• Usability of the system can be improved. Some of the language is not clear to the end-user, making it misleading while charting. Need more inclusion of end users at both the vendor and organization level during design sessions.
  • We need to develop a “Top 10 Optimization List” based on our safety review.
  • Need better method to assess end user proficiency in order to develop effective, ongoing training programs.

At the end of the session, the group wanted to set up times to complete the remainder of the recommended practices in the High Priorities guide and then move on to the Organizational Responsibilities guide. We have the next date scheduled and will continue our review.

At no other time in our organization’s history have we convened to solely discuss health IT safety. This exercise using the SAFER guide has provided the impetus leading to valuable discussions that are only the beginning of this journey to improved patient safety.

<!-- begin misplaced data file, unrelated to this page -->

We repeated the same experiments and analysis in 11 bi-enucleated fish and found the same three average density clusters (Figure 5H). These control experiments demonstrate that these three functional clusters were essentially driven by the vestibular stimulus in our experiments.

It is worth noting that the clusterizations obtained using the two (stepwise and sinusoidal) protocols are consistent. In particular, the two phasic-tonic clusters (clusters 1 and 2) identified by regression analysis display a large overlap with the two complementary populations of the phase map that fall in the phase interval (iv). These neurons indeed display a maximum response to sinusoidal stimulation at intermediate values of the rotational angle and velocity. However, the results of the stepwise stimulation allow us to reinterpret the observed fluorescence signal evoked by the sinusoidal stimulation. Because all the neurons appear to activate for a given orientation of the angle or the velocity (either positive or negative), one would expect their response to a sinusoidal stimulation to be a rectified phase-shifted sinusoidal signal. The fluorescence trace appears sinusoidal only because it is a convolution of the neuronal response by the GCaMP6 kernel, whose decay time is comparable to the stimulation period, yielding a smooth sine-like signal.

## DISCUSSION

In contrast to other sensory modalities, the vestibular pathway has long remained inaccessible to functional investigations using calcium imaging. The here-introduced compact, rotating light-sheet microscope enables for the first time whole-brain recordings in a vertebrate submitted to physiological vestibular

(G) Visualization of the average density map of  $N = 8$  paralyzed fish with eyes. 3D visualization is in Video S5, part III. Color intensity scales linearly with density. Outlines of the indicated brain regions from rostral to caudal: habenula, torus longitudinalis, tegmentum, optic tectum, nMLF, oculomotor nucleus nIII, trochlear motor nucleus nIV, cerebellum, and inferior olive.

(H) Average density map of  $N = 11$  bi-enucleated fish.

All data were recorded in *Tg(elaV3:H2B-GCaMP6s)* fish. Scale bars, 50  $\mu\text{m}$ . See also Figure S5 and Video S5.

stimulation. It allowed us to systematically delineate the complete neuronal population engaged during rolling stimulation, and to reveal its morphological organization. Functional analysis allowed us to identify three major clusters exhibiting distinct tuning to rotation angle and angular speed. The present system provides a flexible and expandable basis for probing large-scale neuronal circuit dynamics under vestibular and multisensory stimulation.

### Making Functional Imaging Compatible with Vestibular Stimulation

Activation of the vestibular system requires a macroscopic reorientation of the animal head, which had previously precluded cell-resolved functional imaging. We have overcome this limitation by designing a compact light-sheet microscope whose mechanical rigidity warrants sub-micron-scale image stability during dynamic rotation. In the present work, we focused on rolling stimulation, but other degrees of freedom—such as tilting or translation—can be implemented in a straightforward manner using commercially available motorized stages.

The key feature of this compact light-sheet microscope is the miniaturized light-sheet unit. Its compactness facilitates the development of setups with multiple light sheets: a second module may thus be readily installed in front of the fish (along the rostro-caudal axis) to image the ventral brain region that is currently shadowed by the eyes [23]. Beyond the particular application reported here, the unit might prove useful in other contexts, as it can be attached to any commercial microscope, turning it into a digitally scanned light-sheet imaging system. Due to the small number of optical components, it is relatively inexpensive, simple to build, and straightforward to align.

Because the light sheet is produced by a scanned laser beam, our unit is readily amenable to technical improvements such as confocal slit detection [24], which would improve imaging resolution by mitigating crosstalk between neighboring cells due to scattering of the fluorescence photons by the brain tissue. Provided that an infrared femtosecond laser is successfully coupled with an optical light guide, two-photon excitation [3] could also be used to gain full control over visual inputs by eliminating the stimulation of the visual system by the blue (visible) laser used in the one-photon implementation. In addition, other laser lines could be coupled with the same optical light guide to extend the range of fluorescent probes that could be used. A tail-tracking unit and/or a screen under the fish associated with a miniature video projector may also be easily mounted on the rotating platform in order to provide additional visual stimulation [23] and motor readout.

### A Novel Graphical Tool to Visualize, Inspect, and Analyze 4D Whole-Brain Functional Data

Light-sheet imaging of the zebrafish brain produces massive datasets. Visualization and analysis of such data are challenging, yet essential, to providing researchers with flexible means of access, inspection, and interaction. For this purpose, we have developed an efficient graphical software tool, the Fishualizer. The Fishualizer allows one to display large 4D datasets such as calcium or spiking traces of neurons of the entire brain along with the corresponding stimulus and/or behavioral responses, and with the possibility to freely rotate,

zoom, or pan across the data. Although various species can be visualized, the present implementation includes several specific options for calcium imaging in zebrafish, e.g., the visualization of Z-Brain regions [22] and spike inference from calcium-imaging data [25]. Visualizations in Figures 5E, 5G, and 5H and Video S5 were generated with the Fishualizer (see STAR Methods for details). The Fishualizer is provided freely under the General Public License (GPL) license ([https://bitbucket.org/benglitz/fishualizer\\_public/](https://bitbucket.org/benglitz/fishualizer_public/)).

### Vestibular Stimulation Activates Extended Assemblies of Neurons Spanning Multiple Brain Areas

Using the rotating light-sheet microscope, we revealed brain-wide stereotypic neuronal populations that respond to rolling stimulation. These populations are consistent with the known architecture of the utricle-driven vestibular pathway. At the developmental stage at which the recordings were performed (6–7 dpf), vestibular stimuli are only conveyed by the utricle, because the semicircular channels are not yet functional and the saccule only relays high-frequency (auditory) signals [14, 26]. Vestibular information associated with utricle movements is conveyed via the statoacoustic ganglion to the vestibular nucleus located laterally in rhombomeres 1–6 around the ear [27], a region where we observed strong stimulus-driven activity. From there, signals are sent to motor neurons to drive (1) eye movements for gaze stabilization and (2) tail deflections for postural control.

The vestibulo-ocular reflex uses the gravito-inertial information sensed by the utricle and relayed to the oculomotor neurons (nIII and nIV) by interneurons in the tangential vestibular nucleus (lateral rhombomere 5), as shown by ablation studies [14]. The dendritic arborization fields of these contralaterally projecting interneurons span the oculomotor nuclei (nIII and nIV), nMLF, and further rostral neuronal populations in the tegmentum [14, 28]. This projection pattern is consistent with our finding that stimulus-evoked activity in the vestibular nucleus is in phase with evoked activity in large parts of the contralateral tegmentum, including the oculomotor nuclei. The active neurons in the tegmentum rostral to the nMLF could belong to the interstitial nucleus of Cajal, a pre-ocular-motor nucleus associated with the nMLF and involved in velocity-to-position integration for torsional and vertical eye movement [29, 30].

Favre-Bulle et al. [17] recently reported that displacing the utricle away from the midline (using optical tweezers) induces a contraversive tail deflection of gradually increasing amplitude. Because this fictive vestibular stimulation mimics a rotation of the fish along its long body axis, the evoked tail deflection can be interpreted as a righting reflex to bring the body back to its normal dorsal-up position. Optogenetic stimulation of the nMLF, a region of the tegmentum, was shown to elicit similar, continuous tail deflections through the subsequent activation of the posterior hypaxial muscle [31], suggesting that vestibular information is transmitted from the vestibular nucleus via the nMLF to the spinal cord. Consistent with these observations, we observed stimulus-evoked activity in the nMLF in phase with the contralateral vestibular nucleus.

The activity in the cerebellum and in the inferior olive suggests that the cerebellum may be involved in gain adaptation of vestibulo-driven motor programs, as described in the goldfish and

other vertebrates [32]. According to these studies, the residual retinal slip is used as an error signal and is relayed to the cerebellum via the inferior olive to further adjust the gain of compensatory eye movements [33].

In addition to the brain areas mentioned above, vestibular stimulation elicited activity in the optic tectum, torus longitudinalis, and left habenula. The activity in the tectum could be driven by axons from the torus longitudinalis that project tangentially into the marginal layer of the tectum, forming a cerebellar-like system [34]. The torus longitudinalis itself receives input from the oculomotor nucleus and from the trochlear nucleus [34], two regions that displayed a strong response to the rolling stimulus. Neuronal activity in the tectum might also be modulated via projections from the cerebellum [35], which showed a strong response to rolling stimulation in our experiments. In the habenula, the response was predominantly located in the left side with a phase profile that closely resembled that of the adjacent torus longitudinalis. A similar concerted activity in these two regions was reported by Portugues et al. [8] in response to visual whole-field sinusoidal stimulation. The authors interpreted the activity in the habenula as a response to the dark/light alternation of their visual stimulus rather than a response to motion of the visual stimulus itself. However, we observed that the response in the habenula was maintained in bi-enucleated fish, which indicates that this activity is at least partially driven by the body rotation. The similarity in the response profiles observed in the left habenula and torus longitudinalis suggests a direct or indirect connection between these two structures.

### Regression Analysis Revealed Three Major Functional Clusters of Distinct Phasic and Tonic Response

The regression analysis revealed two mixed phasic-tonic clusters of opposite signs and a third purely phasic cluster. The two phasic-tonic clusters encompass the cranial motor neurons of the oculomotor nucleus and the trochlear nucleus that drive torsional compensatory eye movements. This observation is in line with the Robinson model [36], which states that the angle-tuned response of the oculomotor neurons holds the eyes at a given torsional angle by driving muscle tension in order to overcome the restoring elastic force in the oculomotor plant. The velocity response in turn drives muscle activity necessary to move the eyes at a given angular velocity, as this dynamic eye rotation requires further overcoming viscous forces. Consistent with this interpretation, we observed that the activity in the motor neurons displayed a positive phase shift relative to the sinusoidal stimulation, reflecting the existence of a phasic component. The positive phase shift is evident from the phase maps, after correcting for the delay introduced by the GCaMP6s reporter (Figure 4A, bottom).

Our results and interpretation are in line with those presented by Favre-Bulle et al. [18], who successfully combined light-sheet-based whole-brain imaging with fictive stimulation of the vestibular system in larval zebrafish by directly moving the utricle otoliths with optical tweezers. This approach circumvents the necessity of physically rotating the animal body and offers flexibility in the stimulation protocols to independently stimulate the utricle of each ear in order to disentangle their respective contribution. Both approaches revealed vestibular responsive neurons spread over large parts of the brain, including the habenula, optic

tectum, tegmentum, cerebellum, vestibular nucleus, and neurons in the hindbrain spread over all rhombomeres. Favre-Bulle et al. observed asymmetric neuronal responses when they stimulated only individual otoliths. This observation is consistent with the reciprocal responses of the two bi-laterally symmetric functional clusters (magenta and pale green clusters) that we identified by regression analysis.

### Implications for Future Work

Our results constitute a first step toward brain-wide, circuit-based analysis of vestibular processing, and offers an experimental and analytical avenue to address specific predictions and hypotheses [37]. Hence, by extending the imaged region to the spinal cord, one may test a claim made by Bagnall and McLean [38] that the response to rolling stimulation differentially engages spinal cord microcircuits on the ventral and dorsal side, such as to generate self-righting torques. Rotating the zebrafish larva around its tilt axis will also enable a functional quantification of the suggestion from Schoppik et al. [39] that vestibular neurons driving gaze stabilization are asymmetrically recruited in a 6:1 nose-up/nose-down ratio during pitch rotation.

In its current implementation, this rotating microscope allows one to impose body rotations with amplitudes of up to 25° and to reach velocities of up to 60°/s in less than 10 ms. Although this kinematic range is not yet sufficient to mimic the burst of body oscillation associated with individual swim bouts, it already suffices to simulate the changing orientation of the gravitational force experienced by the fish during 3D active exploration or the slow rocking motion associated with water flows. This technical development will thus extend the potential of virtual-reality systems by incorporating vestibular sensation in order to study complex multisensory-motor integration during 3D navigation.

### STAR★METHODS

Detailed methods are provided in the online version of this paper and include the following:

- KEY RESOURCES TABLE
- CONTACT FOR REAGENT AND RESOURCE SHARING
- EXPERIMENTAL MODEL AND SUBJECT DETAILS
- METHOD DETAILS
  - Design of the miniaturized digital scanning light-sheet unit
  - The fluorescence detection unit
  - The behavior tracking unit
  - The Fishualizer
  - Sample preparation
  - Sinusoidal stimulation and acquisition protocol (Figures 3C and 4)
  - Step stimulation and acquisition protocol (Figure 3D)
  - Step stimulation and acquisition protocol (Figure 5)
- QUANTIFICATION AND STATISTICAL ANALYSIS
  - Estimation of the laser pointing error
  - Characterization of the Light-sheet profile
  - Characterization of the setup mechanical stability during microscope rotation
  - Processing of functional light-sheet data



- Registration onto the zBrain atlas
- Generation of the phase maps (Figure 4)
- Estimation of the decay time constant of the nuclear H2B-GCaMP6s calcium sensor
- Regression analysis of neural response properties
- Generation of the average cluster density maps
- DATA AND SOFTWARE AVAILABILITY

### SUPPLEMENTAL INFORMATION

Patricia P. Sengstack DNP, RN-BC, CPHIMS is CNIO of Bon Secours Health System of Marriottsville, MD and immediate past president of the American Nursing Informatics Association.

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Currently there are "5 comments" on this Article:

  1. Nice update on a real-world test of the ONC-sponsored SAFER Guides that our research group developed. Great to see all the lessons even a highly advanced health system like Bon Secours can learn.

  2. Great post Patty! Glad to see the enterprise approach to the use of the Safer Guides. Would love to hear more once you have worked with them. The idea behind the guides is that of a socio-technical model approach to safety. With hospital, healthcare and information technology so complex, it is nice to have the Safer Guides to provide a framework for self assessment and (YAY!) validation!